Tag Archives: Emma Thompson

Meyerowitz Stories: Sandler and Stiller Strike Back

This weekend my parents are coming to Stockholm to see me, my brother, sister and nephews. I’m glad they’re coming because we are all close, but at the same time there can be tensions when parents and their adult sons and daughters have to live together closely for a short time. It doesn’t matter how old you get, the roles you’ve always played in a family remain the same, and so do the issues you might have with one another.

Watching Noah Baumbach’s new film, the best he’s made so far, made me think of my own family and the bonds we share. I’m certainly blessed in comparison with the Meyerowitzes… then again, the love and intimacy that eventually grace the film is quite moving.

The Meyerowitz children, Danny (Adam Sandler), Matthew (Ben Stiller) and Jean (Elizabeth Marvel), are adult now but their relationship with their father Harold (Dustin Hoffman) is still a struggle. Harold used to be a lauded sculptor but is no longer an active or even particularly well remembered figure in the Manhattan art scene. Danny, a musician who’s never accomplished much, has been more successful with his teenage daughter (Grace Van Patten), even though he hates the idea of her growing up. Matthew has been doing very well for himself in Los Angeles, but is not much of a role model as a father. Jean usually ends up between her brothers, but when Harold finds himself in a hospital the siblings have to get together and deal with an uncertain future.

Reminiscent of The Squid and the Whale
Released in theaters and on Netflix, the film reminded critics and audiences of Baumbach’s earlier The Squid and the Whale (2005) and he knew that there would be comparisons. After all, both movies take place in the same intellectual middle-class Manhattan environs (Squid and the Whale has the Museum of Natural History, this one has MoMa) and depict a troubled relationship between siblings and their father, a bearded cultural giant who’s now in decline. The tone is also the same, with frank dialogue and a sense of humor laced with earnestness.

It’s impossible not to love the cast. Hoffman is fun to watch as the egotistic patriarch who can’t stand to see the fellow artists from his heyday remain relevant when he’s almost forgotten; Thompson is hilarious as his girlfriend, an alcoholic yet lovable hippie who is chronically unable to cook a decent meal. The real treat here though is watching Sandler, Stiller and Marvel as the siblings. The latter is a veteran of theater and television who’s very engaging as Jean, the seemingly mousy sister who’s devoted to her family and too rarely noticed by her brothers. As for Sandler and Stiller, they have too often been seen in subpar comedies, which has led many of us to expect very little from them. On few occasions, they have surprised us. In this case, Sandler finally finds a proper vehicle for the rage that has become typical of so many of his characters. His ambition to fuse that rage with likability, seen in many of his bad comedies, is finally fulfilled.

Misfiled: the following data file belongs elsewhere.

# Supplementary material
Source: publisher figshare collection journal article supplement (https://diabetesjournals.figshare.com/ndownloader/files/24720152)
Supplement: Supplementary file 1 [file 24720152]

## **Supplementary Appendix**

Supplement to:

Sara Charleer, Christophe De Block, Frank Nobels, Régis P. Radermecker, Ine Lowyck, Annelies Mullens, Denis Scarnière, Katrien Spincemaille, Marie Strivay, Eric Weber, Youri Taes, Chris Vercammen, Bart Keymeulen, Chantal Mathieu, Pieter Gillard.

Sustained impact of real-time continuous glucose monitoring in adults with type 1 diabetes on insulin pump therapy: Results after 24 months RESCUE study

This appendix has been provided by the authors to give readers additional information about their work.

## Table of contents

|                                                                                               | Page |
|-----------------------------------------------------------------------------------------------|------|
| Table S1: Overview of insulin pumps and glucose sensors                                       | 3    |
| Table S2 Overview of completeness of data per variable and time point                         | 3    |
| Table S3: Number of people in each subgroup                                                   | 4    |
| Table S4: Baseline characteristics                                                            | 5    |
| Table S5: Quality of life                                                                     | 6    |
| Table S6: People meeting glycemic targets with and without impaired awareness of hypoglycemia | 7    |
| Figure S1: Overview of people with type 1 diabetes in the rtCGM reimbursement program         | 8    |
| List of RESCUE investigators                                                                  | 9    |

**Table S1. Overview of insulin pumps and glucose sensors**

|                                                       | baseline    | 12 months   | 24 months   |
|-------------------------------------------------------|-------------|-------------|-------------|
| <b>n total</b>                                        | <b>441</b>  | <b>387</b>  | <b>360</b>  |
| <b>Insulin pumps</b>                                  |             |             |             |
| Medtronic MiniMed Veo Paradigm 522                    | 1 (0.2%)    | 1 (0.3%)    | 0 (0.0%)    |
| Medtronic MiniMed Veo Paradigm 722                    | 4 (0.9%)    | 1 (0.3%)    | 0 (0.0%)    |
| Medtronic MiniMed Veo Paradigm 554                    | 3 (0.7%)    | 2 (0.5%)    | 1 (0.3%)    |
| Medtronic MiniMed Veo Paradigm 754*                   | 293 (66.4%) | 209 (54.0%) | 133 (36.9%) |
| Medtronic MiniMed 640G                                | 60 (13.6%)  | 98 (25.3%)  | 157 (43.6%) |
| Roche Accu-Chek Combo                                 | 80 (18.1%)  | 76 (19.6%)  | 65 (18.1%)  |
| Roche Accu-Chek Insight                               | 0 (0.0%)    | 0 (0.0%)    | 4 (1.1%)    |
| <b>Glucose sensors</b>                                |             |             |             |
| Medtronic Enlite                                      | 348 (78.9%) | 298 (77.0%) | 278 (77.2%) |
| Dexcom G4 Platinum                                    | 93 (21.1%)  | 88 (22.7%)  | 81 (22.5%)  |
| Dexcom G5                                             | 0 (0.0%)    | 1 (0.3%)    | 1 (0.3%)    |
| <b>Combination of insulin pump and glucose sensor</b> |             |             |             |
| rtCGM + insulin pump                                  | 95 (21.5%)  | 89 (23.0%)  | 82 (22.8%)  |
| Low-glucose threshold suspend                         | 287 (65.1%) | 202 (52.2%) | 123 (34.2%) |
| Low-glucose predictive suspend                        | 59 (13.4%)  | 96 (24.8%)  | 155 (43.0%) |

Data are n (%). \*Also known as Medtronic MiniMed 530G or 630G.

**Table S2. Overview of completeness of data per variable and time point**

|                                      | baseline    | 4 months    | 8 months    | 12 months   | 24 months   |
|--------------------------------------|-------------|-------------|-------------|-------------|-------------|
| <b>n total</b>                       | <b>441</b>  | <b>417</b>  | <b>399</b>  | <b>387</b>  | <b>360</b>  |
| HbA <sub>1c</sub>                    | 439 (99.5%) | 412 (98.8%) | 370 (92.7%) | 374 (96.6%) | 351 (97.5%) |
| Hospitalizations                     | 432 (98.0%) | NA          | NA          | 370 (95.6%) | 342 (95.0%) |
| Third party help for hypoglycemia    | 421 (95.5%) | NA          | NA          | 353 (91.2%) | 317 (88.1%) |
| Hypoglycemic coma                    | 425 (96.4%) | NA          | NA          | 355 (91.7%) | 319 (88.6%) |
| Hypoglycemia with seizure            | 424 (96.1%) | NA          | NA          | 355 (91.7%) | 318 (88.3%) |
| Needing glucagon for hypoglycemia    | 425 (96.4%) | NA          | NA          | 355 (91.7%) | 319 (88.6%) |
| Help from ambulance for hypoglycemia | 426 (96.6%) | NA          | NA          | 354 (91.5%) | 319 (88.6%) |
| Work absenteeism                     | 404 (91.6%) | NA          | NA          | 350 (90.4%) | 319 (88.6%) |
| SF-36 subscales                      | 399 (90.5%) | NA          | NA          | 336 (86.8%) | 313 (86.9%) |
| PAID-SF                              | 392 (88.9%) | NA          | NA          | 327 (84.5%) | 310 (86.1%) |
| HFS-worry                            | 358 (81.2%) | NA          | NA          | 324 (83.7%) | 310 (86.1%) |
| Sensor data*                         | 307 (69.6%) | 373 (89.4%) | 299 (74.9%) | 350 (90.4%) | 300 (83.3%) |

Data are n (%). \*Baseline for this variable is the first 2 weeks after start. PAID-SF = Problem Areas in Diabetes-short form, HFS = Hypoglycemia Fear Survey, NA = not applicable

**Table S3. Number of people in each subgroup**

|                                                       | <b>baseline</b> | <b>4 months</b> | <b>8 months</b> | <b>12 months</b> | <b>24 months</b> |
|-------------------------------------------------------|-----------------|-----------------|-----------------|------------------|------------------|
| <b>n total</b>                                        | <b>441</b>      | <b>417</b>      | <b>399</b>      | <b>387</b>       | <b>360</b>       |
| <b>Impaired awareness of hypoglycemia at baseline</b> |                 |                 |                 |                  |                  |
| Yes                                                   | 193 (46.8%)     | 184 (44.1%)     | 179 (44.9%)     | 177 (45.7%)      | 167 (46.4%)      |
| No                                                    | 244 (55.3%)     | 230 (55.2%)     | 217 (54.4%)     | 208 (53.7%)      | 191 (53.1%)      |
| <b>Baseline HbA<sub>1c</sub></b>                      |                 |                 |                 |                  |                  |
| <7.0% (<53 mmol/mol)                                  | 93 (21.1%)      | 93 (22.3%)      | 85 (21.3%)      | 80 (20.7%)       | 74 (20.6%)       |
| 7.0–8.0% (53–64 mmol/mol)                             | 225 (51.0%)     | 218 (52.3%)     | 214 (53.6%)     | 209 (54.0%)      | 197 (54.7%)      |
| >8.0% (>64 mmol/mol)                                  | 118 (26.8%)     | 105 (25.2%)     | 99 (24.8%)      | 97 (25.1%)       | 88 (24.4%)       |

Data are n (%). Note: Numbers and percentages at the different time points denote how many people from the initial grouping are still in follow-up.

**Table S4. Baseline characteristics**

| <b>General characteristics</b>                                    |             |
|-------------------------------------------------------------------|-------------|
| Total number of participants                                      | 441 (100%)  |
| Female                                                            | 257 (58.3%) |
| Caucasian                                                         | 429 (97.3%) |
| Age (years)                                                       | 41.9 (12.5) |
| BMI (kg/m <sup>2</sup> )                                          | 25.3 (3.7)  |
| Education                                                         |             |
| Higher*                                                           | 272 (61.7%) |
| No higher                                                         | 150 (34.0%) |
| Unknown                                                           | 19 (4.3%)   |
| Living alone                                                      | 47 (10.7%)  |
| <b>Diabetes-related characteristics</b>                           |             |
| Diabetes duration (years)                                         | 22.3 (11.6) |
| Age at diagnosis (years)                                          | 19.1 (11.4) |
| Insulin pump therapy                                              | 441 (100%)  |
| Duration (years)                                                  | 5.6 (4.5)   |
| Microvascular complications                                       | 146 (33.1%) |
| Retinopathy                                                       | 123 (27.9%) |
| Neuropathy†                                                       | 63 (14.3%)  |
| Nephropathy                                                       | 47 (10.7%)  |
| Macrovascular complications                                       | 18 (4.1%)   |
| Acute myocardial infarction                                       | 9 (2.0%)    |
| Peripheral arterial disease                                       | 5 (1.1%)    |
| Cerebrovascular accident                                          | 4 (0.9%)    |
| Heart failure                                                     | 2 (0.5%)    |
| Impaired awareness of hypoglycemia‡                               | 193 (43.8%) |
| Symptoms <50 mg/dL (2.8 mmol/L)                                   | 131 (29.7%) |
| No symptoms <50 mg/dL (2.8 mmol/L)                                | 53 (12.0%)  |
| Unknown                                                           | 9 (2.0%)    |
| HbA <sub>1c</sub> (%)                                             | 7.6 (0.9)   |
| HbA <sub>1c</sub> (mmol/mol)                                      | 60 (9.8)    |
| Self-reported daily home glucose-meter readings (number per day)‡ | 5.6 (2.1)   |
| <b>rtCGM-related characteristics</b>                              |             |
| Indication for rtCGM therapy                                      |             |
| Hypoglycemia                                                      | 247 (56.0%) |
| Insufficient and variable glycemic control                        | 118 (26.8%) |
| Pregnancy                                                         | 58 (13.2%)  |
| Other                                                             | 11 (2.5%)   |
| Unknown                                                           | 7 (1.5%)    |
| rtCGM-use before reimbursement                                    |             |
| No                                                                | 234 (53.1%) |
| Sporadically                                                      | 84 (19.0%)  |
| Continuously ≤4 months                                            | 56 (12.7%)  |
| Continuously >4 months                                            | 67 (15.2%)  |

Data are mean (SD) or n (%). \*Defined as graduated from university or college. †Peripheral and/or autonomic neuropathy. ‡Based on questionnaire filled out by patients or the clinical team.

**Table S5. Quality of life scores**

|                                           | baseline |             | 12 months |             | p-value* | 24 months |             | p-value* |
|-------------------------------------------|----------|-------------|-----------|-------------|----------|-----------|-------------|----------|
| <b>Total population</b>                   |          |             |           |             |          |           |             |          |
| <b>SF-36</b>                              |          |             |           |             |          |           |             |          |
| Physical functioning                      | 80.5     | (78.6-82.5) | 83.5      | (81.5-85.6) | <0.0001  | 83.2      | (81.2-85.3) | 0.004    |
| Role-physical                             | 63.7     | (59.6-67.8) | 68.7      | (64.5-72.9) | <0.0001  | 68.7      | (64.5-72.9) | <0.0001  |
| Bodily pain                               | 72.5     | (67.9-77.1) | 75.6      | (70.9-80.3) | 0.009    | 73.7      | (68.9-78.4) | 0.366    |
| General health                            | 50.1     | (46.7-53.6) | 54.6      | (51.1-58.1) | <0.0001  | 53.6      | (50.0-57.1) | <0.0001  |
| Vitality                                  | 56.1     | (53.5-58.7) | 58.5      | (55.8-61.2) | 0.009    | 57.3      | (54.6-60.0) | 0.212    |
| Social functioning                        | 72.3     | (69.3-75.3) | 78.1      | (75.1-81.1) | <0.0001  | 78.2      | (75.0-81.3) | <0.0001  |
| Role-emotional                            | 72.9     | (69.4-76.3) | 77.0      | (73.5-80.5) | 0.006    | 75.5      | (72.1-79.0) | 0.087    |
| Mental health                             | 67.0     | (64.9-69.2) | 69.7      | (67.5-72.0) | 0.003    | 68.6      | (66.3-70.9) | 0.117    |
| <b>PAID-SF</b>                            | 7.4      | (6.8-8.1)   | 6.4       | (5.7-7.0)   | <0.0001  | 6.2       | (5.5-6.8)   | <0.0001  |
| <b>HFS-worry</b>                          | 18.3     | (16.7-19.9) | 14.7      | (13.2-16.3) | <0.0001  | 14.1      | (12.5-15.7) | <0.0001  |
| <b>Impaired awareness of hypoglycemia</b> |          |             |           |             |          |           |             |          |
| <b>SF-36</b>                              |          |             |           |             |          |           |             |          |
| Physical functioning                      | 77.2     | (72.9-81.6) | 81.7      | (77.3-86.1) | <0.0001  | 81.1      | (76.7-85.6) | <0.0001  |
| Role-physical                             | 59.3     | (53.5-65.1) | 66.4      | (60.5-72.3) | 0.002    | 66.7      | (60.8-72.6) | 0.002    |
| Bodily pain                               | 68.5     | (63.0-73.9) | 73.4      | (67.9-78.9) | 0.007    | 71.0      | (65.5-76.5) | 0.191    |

Stiller is also terrific, and it is particularly joyful to see both stars interact with Hoffman; they look like they’re digging deep inside of themselves to find that little extra something that might elevate a scene they’re sharing with a titan like that.

The dynamics of the Meyerowitz family are nicely captured by Baumbach in his two roles as writer and director. Randy Newman’s music score is also a pleasure. Watching these selected stories from the life of a family is like therapy, for Baumbach (who was initially inspired by a stay in the hospital) and us in the audience alike. 

The Meyerowitz Stories (New and selected) 2017-U.S. 112 min. Color. Produced by Noah Baumbach, Eli Bush, Scott Rudin, Lila Yacoub. Written and directed by Noah Baumbach. Music: Randy Newman. Cast: Adam Sandler (Danny Meyerowitz), Ben Stiller (Matthew Meyerowitz), Dustin Hoffman (Harold Meyerowitz), Elizabeth Marvel (Jean Meyerowitz), Emma Thompson, Grace Van Patten… Candice Bergen, Rebecca Miller, Judd Hirsch, Adam Driver, Sigourney Weaver.